The art of manufacturing possibilities: How AI and cloud build a virtuous cycle of optimization
Senior Editor, Google Cloud
Manufacturing-specific cloud platforms and AI are unlocking new possibilities
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A technician sits at a control panel, monitoring 20 production lines. A notification pops up: a valve needs to be replaced on one line before it fails. The technician authorizes an autonomous robot to move supplies from storage to the feeder system. Sensors in the storage facility note the drop in raw material and place an order with a vendor. AI cameras inspect quality and present data to the technician. The system takes in all variables of factory operations, measures output and efficiency in real time, and presents the technician with an easy-to-read dashboard.
The technician is at the center of this high-tech factory, but they are not alone. The system is constantly monitoring and adjusting, taking care of many of the tasks that would have been done by humans in the past. This frees the technician to focus on more strategic tasks, such as planning and problem-solving. As a result, the factory is more efficient and productive than ever before.
The future of manufacturing is here, and it is powered by AI.
The modern factory is a data-driven operation. From real-time process optimization to autonomous operations to the use of machine learning for quality assurance, and more, the art of the possible in manufacturing starts with a strong data foundation and burgeoning artificial intelligence tools. Factories are becoming more efficient, productive, and profitable. And they are able to bring new products to market faster than ever before.
“The use of data analytics and AI in manufacturing is still evolving, but leaders increasingly see it as a competitive game changer,” said Charlie Sheridan, global technical director for manufacturing, automotive, and energy at Google Cloud, noting that 85% of manufacturing CxOs see innovation as core to their organization’s future. “We are at that tipping point for data analytics and AI where the more we make machines more efficient through data, the more data we get to make machines more efficient. That virtuous cycle will open the door to more powerful AI and ML solutions which have the potential to not just advance but really revolutionize manufacturing.”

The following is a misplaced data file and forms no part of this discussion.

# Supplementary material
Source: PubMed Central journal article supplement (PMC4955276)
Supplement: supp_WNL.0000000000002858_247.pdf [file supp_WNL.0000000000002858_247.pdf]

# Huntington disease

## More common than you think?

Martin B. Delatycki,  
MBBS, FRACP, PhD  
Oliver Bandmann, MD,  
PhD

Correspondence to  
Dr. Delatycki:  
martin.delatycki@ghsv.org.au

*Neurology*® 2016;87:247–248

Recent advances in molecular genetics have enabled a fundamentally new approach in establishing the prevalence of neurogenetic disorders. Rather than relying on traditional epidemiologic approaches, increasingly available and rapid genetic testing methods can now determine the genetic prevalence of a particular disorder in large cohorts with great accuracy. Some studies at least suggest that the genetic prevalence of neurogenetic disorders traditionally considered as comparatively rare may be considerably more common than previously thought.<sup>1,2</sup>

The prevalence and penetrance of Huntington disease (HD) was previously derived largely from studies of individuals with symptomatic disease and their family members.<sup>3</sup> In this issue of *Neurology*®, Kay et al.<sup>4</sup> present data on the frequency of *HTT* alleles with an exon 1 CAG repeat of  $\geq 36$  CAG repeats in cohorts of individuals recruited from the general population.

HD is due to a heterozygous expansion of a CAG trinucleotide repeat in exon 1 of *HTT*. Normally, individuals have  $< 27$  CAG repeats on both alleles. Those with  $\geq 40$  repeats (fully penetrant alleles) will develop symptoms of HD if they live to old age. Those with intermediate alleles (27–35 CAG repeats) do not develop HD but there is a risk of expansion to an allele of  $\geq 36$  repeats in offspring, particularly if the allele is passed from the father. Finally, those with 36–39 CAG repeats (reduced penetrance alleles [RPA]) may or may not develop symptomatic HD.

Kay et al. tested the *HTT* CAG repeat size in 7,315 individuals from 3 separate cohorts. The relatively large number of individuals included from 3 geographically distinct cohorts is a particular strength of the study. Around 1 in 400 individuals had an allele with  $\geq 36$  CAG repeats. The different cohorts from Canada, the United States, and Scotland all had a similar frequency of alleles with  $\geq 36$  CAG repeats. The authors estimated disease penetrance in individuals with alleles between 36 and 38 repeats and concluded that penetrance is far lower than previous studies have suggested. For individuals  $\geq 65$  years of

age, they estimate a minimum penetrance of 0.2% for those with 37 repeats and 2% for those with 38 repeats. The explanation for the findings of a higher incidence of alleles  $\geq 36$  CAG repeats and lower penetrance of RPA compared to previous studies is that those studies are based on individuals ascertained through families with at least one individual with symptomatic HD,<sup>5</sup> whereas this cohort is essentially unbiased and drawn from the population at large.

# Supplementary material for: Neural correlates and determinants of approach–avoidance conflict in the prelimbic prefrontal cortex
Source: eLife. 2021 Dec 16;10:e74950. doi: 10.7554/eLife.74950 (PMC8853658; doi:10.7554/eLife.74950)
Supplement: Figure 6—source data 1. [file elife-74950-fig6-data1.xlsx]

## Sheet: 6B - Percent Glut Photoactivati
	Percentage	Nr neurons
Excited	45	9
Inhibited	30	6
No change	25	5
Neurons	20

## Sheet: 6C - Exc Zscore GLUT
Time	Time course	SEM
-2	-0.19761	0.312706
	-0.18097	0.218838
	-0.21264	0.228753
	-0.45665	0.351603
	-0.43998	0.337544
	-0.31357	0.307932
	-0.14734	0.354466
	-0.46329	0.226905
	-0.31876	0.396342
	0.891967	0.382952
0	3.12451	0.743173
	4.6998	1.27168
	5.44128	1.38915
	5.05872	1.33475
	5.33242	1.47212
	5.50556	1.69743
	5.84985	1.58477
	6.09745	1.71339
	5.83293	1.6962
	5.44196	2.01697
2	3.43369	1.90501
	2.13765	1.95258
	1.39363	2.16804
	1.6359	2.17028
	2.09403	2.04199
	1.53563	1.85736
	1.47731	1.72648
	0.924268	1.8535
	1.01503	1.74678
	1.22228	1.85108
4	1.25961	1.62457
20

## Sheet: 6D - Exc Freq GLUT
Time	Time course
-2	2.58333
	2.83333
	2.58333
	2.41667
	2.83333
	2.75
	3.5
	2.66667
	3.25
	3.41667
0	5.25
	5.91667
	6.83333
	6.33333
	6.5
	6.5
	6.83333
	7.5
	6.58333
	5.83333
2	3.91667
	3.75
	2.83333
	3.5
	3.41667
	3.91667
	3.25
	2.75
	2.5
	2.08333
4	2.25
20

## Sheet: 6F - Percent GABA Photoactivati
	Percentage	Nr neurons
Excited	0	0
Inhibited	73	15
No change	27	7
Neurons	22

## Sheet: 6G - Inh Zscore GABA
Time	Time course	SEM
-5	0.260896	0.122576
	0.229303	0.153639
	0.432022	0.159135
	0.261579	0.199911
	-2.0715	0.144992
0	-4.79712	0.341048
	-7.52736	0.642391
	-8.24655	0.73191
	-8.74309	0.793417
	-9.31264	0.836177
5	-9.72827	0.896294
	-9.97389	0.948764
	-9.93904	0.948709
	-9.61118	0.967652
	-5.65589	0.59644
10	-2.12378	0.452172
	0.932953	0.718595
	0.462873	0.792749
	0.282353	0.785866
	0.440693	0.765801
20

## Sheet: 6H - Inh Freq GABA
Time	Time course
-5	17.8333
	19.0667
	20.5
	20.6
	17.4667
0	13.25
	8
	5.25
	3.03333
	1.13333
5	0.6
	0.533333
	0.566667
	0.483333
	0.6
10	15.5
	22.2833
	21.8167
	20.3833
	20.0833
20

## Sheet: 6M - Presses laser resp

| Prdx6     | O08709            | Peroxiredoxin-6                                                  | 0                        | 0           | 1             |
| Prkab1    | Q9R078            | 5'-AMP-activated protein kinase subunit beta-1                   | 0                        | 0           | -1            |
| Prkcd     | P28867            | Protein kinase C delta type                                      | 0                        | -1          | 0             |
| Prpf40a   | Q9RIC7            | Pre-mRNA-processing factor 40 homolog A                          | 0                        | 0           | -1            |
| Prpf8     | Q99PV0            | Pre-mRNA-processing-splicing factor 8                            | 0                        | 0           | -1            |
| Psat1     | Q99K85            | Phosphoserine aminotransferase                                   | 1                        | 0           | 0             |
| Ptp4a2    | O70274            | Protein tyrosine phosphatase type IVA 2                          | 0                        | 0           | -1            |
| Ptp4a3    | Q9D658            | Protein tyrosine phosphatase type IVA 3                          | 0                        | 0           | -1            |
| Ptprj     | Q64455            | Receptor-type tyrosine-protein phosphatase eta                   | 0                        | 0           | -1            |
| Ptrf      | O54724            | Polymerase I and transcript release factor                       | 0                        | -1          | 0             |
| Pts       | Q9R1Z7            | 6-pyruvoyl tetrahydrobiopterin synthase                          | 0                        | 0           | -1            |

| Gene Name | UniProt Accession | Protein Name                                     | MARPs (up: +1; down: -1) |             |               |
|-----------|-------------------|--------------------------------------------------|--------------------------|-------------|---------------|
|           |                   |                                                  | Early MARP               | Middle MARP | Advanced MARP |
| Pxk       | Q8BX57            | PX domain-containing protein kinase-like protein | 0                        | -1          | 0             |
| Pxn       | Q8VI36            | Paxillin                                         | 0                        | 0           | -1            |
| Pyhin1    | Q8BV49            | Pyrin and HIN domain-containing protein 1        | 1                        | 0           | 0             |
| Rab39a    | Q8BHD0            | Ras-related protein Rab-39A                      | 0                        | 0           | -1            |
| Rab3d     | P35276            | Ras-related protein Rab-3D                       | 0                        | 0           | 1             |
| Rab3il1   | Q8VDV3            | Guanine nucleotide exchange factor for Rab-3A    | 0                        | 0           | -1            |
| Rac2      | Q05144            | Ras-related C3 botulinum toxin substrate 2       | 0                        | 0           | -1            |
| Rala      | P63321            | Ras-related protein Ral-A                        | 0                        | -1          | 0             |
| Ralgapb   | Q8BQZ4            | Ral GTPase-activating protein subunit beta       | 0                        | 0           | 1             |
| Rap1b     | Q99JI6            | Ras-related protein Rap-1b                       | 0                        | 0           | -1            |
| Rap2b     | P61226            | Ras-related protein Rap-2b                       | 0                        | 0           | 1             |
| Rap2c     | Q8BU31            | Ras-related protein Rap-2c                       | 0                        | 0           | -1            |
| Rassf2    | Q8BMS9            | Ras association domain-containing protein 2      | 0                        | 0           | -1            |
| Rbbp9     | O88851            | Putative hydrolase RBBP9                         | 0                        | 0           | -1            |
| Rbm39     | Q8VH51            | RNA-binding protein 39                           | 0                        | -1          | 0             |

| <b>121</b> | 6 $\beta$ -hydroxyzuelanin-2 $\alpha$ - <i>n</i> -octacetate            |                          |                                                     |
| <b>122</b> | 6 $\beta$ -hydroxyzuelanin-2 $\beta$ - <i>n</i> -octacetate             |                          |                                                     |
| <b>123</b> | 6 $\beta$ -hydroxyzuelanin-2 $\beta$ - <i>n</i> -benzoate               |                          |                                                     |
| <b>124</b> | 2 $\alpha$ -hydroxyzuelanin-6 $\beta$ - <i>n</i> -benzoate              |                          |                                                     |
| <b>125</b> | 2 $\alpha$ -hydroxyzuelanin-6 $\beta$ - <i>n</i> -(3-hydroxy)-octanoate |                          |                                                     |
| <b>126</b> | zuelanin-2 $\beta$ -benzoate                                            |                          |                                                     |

Manufacturing-specific cloud platforms have emerged in recent years to unleash the full potential of this data deluge and kick off this virtuous cycle. According to Google Cloud research, about 86% of manufacturing CxOs agree that their organization generates data and knowledge that directs their strategies, and creates a differential advantage against their competitors. With the right technology partners and cloud platform, they are increasingly able to take that data and knowledge to drive full data transparency, and to apply machine learning to optimize and predict business outcomes. These capabilities ultimately hold the potential to bridge digital and physical worlds, producing impact beyond what was previously imaginable.
Exploring the possibilities of data and AI on the factory floor
“All of this has to be grounded in real-world problems,” said Sheridan. “That’s the key. There has to be a problem statement that an organization is working towards. There has to be a value and a business case for doing this kind of investment.”
Companies like German printing press manufacturer Koenig & Bauer have used the virtuous cycle of data, efficiency, and optimization to great effect. Using Google Cloud’s Manufacturing Data Engine (MDE) to consolidate data silos to a single point of knowledge, the company has achieved faster, simplified evaluation of performance data from different sources, and identified previously hidden performance potentials. Using tools like BigQuery for data storage and Looker for business intelligence, Koenig & Bauer has been able to perform long-term trend analysis for better investment decisions.
F.S. Fehrer Automotive, one of the leading specialists for vehicle seating and interior components globally, hopes to consolidate its own data operations to make its production lines easier to manage. It has also started a pilot using Visual Inspection AI to monitor the quality of products as they come off the line. Within the next several years, the company plans to utilize data and AI to make the lives of its employees easier, streamline processes on the factory floor, predict maintenance and supply chain issues, and institute autonomous solutions up and down the operation.
Intralogistics innovator, STILL, has used data and machine learning to build ARIBIC ("Artificial Intelligence-Based Indoor Cartography"), a unique research project to create a live digital twin for warehouses to collect and analyze telemetry data to build the next generation of autonomous, smart warehouses. Data is collected from sensors integrated in forklifts or stationary sensors, then combined into a digital representation of the environment. From there, it’s then transferred into the cloud and enriched with semantic information. The result is a real-time 3D map that serves as a complete, up-to-date representation of the warehouse or factory floor.